Residents turn out to hear Warrior Hiker stories

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Five military veterans are hiking the Pacific Crest Trail and stopped at the American Legion Post 800 for a reception and dinner. Four are part of “Warrior Hike: Walk off the War” and the fifth had been hiking solo but joined the group in Julian. Chris Finney presented quilts made by Mountain Quilters of Idyllwild to the five — from left, dubbed the “tag along,” Joe Thompson, U.S. Marines; Dan Janes, Navy; Ruben Munoz, Navy; Joe Jamison, Army; and Jimmy Sellers, Army. This is the third year PCT Warrior Hikers have come through Idyllwild to the legion event. Photo by Marshall Smith

Five military veterans are hiking the Pacific Crest Trail and stopped at the American Legion Post 800 for a reception and dinner. Four are part of “Warrior Hike: Walk off the War” and the fifth had been hiking solo but joined the group in Julian. Chris Finney presented quilts made by Mountain Quilters of Idyllwild to the five — from left, dubbed the “tag along,” Joe Thompson, U.S. Marines; Dan Janes, Navy; Ruben Munoz, Navy; Joe Jamison, Army; and Jimmy Sellers, Army. This is the third year PCT Warrior Hikers have come through Idyllwild to the legion event.
Photo by Marshall Smith

In what is becoming an annual event, the Idyllwild American Legion Post 800 hosted a reception and dinner for American military veterans who are hiking the Pacific Crest Trail. Residents attended to talk, eat and drink with the Warrior Hikers.

“Warrior Hike: Walk off the War” is a program developed by Marine veteran Sean Gobin to help returning combat-zone vets gradually ease back into civilian life. Gobin hiked the 2,185 Appalachian Trail in 2012 immediately after he returned from three combat deployments in Iraq and Afghanistan and saw the health benefits for returning combat vets.

Originally, five vets were scheduled to hike the PCT in 2016. One, Navy vet Albert Woolum, the oldest of the vets, left the trail unable to continue. That left Joe Jamison, Army; Dan Janes, Navy; Ruben Munoz, Navy; and Jimmy Sellers, Army, to complete the mission. Ex-Marine Joe Thompson, who was solo hiking the PCT, met Munoz coming out of Julian and decided to join the group for the rest of the journey.

At the post, hikers swapped service stories with legion vets and attending residents, and spoke about the importance of the Warrior Hike program. Dan Janes, affable and articulate, hiked the Appalachian Trail last year. “The goal of the program is to bring the outdoor community and the veterans together,” said Janes. “We tell our stories and are getting respect from everyone we talk to, on the trail and in the towns. We’re making friends.” Janes said the glue that holds the Warrior Hikers together is how every night, in their camp, they talk directly to each other about their deployments — the tension, the stress, losing comrades and buddies. He noted how those conversations are bonding this group together.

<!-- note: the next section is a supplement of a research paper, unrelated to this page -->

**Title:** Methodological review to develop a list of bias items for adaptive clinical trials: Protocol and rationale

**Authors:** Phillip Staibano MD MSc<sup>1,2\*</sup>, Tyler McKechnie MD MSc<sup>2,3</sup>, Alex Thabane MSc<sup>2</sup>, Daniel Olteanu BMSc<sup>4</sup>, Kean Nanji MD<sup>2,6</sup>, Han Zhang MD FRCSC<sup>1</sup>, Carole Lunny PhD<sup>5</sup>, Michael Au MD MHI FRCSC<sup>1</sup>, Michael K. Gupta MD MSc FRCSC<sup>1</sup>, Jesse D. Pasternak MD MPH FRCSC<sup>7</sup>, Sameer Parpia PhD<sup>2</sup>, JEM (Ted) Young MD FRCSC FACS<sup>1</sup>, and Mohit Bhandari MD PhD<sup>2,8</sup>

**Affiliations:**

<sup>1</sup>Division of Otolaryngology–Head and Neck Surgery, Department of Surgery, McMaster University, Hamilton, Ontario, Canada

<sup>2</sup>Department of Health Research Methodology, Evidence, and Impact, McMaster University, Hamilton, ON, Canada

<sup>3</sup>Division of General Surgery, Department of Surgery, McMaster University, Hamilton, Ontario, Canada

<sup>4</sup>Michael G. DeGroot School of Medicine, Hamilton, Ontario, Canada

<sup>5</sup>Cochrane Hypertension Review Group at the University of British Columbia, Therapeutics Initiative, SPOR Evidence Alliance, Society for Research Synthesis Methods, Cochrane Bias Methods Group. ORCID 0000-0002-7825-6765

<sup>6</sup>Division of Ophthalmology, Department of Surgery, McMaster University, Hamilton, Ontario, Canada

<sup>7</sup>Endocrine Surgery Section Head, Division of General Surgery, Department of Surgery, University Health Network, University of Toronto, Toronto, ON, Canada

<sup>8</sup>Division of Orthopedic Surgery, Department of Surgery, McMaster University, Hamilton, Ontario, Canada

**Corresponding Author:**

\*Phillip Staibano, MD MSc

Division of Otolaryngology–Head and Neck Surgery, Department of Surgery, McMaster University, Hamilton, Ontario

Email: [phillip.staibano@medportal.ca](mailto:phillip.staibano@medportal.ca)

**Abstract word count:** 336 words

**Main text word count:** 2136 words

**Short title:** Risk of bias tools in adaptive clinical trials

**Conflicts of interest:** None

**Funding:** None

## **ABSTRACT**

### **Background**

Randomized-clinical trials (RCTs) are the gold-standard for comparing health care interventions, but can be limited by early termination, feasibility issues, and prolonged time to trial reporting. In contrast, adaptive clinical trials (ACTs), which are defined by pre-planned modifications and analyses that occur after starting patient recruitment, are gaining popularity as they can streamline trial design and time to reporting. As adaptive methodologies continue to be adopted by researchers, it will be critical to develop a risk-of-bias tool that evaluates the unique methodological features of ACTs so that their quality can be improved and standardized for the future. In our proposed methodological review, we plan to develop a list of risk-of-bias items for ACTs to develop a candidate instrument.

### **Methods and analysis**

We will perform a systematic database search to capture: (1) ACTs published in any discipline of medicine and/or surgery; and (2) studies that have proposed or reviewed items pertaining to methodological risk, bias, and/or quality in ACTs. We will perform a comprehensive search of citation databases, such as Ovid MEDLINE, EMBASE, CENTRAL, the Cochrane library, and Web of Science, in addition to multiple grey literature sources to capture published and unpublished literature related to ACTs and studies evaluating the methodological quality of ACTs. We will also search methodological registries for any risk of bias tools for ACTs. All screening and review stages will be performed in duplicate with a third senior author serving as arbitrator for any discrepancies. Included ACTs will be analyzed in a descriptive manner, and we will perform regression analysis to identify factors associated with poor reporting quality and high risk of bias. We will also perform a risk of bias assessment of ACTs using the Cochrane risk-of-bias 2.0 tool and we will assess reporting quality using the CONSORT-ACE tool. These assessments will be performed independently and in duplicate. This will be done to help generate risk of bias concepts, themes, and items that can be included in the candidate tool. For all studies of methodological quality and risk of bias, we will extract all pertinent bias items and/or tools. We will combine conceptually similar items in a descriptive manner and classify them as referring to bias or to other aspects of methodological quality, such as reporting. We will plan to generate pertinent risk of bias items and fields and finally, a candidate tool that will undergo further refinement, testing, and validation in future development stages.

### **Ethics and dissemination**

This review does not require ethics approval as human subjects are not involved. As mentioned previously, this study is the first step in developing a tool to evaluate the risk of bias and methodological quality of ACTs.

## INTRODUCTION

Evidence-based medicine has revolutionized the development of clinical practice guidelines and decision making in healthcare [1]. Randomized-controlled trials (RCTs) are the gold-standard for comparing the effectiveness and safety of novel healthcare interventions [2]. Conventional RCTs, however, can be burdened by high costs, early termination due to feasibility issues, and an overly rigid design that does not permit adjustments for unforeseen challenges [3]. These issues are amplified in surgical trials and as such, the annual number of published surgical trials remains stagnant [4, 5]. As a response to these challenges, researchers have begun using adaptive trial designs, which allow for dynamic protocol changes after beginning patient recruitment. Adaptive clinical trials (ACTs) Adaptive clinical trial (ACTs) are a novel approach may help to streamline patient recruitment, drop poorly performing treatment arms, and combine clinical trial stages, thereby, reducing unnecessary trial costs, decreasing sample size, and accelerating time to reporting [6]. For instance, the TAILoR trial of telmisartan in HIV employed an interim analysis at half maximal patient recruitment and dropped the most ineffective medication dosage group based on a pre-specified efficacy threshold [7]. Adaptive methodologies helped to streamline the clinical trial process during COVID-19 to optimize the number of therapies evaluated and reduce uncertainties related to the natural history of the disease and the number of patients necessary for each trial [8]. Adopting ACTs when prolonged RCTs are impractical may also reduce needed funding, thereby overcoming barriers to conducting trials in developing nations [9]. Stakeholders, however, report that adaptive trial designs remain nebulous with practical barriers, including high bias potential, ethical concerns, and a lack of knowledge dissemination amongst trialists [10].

And in conversation with them, including newcomer Thompson, it is clear that they are already a tightly knit unit, dedicated to their primary mission — letting those they encounter know about the plight of military combat vets — whether it is about post-traumatic stress and other psychic injuries, physical impairments suffered in combat, high rates of suicide of those returning from combat deployments or the condition of medical care for veterans as provided through the U.S. Department of Veterans Affairs.

Munoz, Navy field medical service technician, said, “I know a lot of guys in my unit who would benefit from something like this hike.”

“Warrior Hike: Walk off the War,” is established on all three of the national trails — the Pacific Crest, Appalachian and the Continental Divide — as well as the Arizona, Buckeye (Ohio), Florida, Ice Age (Wisconsin), Trans America (Oregon to Virginia) and most recently added, the Mississippi River, a vet kayak expedition from Minnesota to Louisiana.

For more about Warrior Hikes and Gobin’s mission in establishing the program, visit https://warriorexpeditions.org/contact-us/.

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